The sunset was pretty, even though the mountains were nearly all hidden in mist. You’ve certainly noticed this before: a little before sunset on a clear day the colour of the light changes towards yellows and reds. It’s the golden hour. And that gold transforms the mountain peaks, whether they are clear or hidden behind massed clouds. Fortunately, the only clouds in our sky that day were those clustered on the peaks.
As the afternoon progressed, The Family’s became more involved in the weather. All the moisture in the air seemed to be condensing on the line of the high peaks visible on the horizon. As the winds blew over them, the clouds would roll and shift, revealings parts of the massif for a few moments. The Family kept lamenting of the loss of the clear views we’d had of the Himalayas of Uttarakhand. Since the rest of the sky was absolutely clear, I didn’t think the clouds indicated a change in the weather. I thought this must be one phase of a daily cycle. The vapour drops to the valleys during at night, rising as a haze that blues distances during the day, settling on the cold mountain tops as clouds in the afternoon. At night, as the air cooled again, it would condense into valleys.
But as the clear afternoon light shifted to gold, I could not keep my trigger finger from the camera. The light was so good! Even through the misty haze I could spot those edges of cliffs and the folds of land which glowed in the light. A few more minutes, and the mountains turned to that pink gold which you see in the featured photos. I noticed then that the clouds were beginning to settle, falling lower and clear of the tips of the peaks.
The clouds continued to settle in the cold of the night. By morning they had condensed into dense banks of mist covering the lowest valleys. The views of the high Himalayas were perfectly clear. So clear, that I could sight for the first time the hump of a flank of the distant Nanda Devi (7816 m) behind the massifs connecting the Panchachauli (6904 m) to the range around Trisul (7120 m). The light was not the best, but the sight was unexpected from this far south.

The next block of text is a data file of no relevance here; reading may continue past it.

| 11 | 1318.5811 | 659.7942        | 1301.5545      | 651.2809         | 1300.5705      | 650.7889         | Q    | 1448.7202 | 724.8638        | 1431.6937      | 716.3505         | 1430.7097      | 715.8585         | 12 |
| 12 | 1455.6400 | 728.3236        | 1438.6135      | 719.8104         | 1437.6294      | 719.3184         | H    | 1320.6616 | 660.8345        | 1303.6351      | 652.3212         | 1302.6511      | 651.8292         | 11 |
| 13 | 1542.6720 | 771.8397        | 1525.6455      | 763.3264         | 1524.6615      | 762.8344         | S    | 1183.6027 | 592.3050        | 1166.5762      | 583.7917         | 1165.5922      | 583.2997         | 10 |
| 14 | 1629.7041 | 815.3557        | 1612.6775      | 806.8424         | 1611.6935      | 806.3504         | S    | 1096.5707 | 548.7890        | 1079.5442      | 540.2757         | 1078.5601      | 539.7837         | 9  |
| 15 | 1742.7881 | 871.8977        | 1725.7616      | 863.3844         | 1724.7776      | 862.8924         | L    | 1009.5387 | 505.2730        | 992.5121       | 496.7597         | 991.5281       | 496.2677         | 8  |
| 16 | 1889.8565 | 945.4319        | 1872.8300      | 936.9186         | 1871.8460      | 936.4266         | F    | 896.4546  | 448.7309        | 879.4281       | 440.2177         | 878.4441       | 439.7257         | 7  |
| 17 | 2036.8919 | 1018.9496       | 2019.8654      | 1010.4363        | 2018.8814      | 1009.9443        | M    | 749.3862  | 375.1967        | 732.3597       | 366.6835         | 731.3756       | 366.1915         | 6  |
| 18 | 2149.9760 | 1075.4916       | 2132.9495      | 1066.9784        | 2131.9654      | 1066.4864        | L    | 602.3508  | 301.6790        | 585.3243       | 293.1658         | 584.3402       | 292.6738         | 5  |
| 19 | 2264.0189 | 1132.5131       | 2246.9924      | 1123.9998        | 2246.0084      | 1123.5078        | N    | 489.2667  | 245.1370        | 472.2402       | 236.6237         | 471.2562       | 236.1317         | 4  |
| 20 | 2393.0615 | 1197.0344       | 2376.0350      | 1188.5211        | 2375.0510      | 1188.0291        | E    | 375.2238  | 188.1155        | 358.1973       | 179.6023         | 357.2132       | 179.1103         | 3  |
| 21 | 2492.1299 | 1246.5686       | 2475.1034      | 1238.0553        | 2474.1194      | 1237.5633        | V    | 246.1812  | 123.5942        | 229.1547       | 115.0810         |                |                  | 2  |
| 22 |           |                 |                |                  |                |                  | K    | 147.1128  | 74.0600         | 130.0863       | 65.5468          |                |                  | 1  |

The train bringing our future comrades-in-binoculars to Kumaon was slightly late. But we still managed to have our breakfast before sunrise and set out for the drive to Dotiyal in reasonably good time. As the sun broke over us, we’d already started climbing. I had a wonderful view over the valley of the Ramganga river out of the car as we reached near the top of the first line of ridges on the Sivaliks.
It didn’t seem to take very long before we crossed a pass, and came to a long curve on the road. Off to our right we could see … Those are not clouds on the horizon, they are the Himalayas. Bright and unobscured! We stopped at the side of the road and our guide and driver, Arjun, pointed out the peaks. Two of the peaks of Trisul were clearly the highest we could see. Off the to west was Nanda Kot. Nanda Devi, was beyond the line that we could see, but was high enough that we would get glimpses of it once the mist burnt off. To the east were the five peaks of Panchachauli, still a little hazy.
A little higher and we’d left the oak forests behind. We entered the large expanse of Himalayan pine grasslands. When the English colonizers first came here, they had not yet understood that grasslands are a separate ecology. They declared them to be degraded forests, wasteland. This was a political decision, to start converting them to cash crops: fields of coffee and tea for export. It is only now that the ecology of this habitat is beginning to be recongnized and studied. Unfortunately it is still common for many, including some dedicated Greens, to declare the chir pine (Pinus roxburghii) as inferior to banj oak (Quercus leucotrichiphora) in some way.